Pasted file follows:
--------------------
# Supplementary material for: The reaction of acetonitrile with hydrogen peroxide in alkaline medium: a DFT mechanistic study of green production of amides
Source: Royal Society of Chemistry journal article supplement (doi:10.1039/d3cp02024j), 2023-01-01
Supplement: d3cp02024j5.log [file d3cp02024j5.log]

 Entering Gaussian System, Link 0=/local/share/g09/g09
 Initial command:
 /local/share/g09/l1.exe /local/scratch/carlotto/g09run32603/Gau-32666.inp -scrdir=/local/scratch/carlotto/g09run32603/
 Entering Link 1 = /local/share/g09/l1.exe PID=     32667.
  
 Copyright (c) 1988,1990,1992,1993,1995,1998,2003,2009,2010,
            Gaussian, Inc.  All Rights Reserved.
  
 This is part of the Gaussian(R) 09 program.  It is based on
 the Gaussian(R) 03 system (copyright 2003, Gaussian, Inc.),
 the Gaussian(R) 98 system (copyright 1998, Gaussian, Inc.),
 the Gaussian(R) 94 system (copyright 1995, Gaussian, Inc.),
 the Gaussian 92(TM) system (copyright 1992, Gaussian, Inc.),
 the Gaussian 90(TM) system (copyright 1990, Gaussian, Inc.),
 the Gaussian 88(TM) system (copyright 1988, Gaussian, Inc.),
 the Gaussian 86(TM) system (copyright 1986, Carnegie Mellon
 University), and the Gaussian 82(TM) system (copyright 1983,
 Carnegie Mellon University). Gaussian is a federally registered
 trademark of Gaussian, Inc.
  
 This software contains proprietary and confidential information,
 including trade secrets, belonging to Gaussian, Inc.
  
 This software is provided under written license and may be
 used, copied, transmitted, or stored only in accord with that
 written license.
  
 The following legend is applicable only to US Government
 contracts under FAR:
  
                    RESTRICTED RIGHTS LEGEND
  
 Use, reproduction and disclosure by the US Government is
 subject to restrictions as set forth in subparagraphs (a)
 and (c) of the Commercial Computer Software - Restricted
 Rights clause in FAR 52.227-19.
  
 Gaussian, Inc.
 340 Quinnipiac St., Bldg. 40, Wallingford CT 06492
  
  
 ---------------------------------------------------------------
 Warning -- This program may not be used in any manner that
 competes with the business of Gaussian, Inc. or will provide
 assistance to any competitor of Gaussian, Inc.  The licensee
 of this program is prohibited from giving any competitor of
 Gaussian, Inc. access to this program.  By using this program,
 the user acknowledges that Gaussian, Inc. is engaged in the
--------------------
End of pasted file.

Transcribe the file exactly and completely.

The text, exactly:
# Supplementary material for: The reaction of acetonitrile with hydrogen peroxide in alkaline medium: a DFT mechanistic study of green production of amides
Source: Royal Society of Chemistry journal article supplement (doi:10.1039/d3cp02024j), 2023-01-01
Supplement: d3cp02024j5.log [file d3cp02024j5.log]

 Entering Gaussian System, Link 0=/local/share/g09/g09
 Initial command:
 /local/share/g09/l1.exe /local/scratch/carlotto/g09run32603/Gau-32666.inp -scrdir=/local/scratch/carlotto/g09run32603/
 Entering Link 1 = /local/share/g09/l1.exe PID=     32667.
  
 Copyright (c) 1988,1990,1992,1993,1995,1998,2003,2009,2010,
            Gaussian, Inc.  All Rights Reserved.
  
 This is part of the Gaussian(R) 09 program.  It is based on
 the Gaussian(R) 03 system (copyright 2003, Gaussian, Inc.),
 the Gaussian(R) 98 system (copyright 1998, Gaussian, Inc.),
 the Gaussian(R) 94 system (copyright 1995, Gaussian, Inc.),
 the Gaussian 92(TM) system (copyright 1992, Gaussian, Inc.),
 the Gaussian 90(TM) system (copyright 1990, Gaussian, Inc.),
 the Gaussian 88(TM) system (copyright 1988, Gaussian, Inc.),
 the Gaussian 86(TM) system (copyright 1986, Carnegie Mellon
 University), and the Gaussian 82(TM) system (copyright 1983,
 Carnegie Mellon University). Gaussian is a federally registered
 trademark of Gaussian, Inc.
  
 This software contains proprietary and confidential information,
 including trade secrets, belonging to Gaussian, Inc.
  
 This software is provided under written license and may be
 used, copied, transmitted, or stored only in accord with that
 written license.
  
 The following legend is applicable only to US Government
 contracts under FAR:
  
                    RESTRICTED RIGHTS LEGEND
  
 Use, reproduction and disclosure by the US Government is
 subject to restrictions as set forth in subparagraphs (a)
 and (c) of the Commercial Computer Software - Restricted
 Rights clause in FAR 52.227-19.
  
 Gaussian, Inc.
 340 Quinnipiac St., Bldg. 40, Wallingford CT 06492
  
  
 ---------------------------------------------------------------
 Warning -- This program may not be used in any manner that
 competes with the business of Gaussian, Inc. or will provide
 assistance to any competitor of Gaussian, Inc.  The licensee
 of this program is prohibited from giving any competitor of
 Gaussian, Inc. access to this program.  By using this program,
 the user acknowledges that Gaussian, Inc. is engaged in the